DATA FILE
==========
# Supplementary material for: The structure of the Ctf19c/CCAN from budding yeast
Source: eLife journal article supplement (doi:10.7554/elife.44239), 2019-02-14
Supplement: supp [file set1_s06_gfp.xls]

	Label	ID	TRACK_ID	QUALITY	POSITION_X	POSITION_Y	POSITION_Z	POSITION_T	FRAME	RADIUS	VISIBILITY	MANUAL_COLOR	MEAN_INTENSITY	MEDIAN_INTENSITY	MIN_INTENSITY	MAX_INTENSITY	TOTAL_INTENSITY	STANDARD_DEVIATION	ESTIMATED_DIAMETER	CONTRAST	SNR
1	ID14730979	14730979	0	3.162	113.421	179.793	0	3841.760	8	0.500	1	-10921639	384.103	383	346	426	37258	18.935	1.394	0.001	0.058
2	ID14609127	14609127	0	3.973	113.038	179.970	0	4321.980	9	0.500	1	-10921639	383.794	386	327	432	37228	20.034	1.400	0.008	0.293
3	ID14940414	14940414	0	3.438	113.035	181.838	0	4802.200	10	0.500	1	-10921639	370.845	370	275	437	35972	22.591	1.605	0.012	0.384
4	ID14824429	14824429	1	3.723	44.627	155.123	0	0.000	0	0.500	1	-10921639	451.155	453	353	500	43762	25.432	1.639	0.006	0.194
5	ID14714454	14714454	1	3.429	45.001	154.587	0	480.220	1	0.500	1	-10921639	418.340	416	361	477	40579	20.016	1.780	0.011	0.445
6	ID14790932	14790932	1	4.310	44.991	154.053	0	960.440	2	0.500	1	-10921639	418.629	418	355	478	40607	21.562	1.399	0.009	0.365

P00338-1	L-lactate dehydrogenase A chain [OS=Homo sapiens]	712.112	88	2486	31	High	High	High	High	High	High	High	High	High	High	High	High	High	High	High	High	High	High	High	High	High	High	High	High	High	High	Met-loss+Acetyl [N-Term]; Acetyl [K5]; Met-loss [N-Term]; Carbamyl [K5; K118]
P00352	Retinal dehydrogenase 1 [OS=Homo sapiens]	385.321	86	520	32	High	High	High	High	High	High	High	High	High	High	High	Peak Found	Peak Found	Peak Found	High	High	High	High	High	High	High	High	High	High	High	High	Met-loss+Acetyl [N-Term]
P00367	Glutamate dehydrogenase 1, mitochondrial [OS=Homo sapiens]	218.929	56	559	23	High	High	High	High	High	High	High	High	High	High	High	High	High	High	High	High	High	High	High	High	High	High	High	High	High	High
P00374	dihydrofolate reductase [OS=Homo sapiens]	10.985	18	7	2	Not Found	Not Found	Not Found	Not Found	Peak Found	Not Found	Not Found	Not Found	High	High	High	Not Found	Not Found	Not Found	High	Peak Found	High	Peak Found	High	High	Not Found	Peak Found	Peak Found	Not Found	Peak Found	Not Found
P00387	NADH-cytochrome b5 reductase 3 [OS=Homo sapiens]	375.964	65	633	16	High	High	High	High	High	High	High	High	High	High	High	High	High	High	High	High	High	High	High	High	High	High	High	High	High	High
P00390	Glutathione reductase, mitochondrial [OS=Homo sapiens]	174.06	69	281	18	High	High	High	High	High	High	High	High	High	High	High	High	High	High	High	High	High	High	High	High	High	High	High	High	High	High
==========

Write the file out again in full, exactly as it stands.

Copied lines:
# Supplementary material for: The structure of the Ctf19c/CCAN from budding yeast
Source: eLife journal article supplement (doi:10.7554/elife.44239), 2019-02-14
Supplement: supp [file set1_s06_gfp.xls]

	Label	ID	TRACK_ID	QUALITY	POSITION_X	POSITION_Y	POSITION_Z	POSITION_T	FRAME	RADIUS	VISIBILITY	MANUAL_COLOR	MEAN_INTENSITY	MEDIAN_INTENSITY	MIN_INTENSITY	MAX_INTENSITY	TOTAL_INTENSITY	STANDARD_DEVIATION	ESTIMATED_DIAMETER	CONTRAST	SNR
1	ID14730979	14730979	0	3.162	113.421	179.793	0	3841.760	8	0.500	1	-10921639	384.103	383	346	426	37258	18.935	1.394	0.001	0.058
2	ID14609127	14609127	0	3.973	113.038	179.970	0	4321.980	9	0.500	1	-10921639	383.794	386	327	432	37228	20.034	1.400	0.008	0.293
3	ID14940414	14940414	0	3.438	113.035	181.838	0	4802.200	10	0.500	1	-10921639	370.845	370	275	437	35972	22.591	1.605	0.012	0.384
4	ID14824429	14824429	1	3.723	44.627	155.123	0	0.000	0	0.500	1	-10921639	451.155	453	353	500	43762	25.432	1.639	0.006	0.194
5	ID14714454	14714454	1	3.429	45.001	154.587	0	480.220	1	0.500	1	-10921639	418.340	416	361	477	40579	20.016	1.780	0.011	0.445
6	ID14790932	14790932	1	4.310	44.991	154.053	0	960.440	2	0.500	1	-10921639	418.629	418	355	478	40607	21.562	1.399	0.009	0.365

P00338-1	L-lactate dehydrogenase A chain [OS=Homo sapiens]	712.112	88	2486	31	High	High	High	High	High	High	High	High	High	High	High	High	High	High	High	High	High	High	High	High	High	High	High	High	High	High	Met-loss+Acetyl [N-Term]; Acetyl [K5]; Met-loss [N-Term]; Carbamyl [K5; K118]
P00352	Retinal dehydrogenase 1 [OS=Homo sapiens]	385.321	86	520	32	High	High	High	High	High	High	High	High	High	High	High	Peak Found	Peak Found	Peak Found	High	High	High	High	High	High	High	High	High	High	High	High	Met-loss+Acetyl [N-Term]
P00367	Glutamate dehydrogenase 1, mitochondrial [OS=Homo sapiens]	218.929	56	559	23	High	High	High	High	High	High	High	High	High	High	High	High	High	High	High	High	High	High	High	High	High	High	High	High	High	High
P00374	dihydrofolate reductase [OS=Homo sapiens]	10.985	18	7	2	Not Found	Not Found	Not Found	Not Found	Peak Found	Not Found	Not Found	Not Found	High	High	High	Not Found	Not Found	Not Found	High	Peak Found	High	Peak Found	High	High	Not Found	Peak Found	Peak Found	Not Found	Peak Found	Not Found
P00387	NADH-cytochrome b5 reductase 3 [OS=Homo sapiens]	375.964	65	633	16	High	High	High	High	High	High	High	High	High	High	High	High	High	High	High	High	High	High	High	High	High	High	High	High	High	High
P00390	Glutathione reductase, mitochondrial [OS=Homo sapiens]	174.06	69	281	18	High	High	High	High	High	High	High	High	High	High	High	High	High	High	High	High	High	High	High	High	High	High	High	High	High	High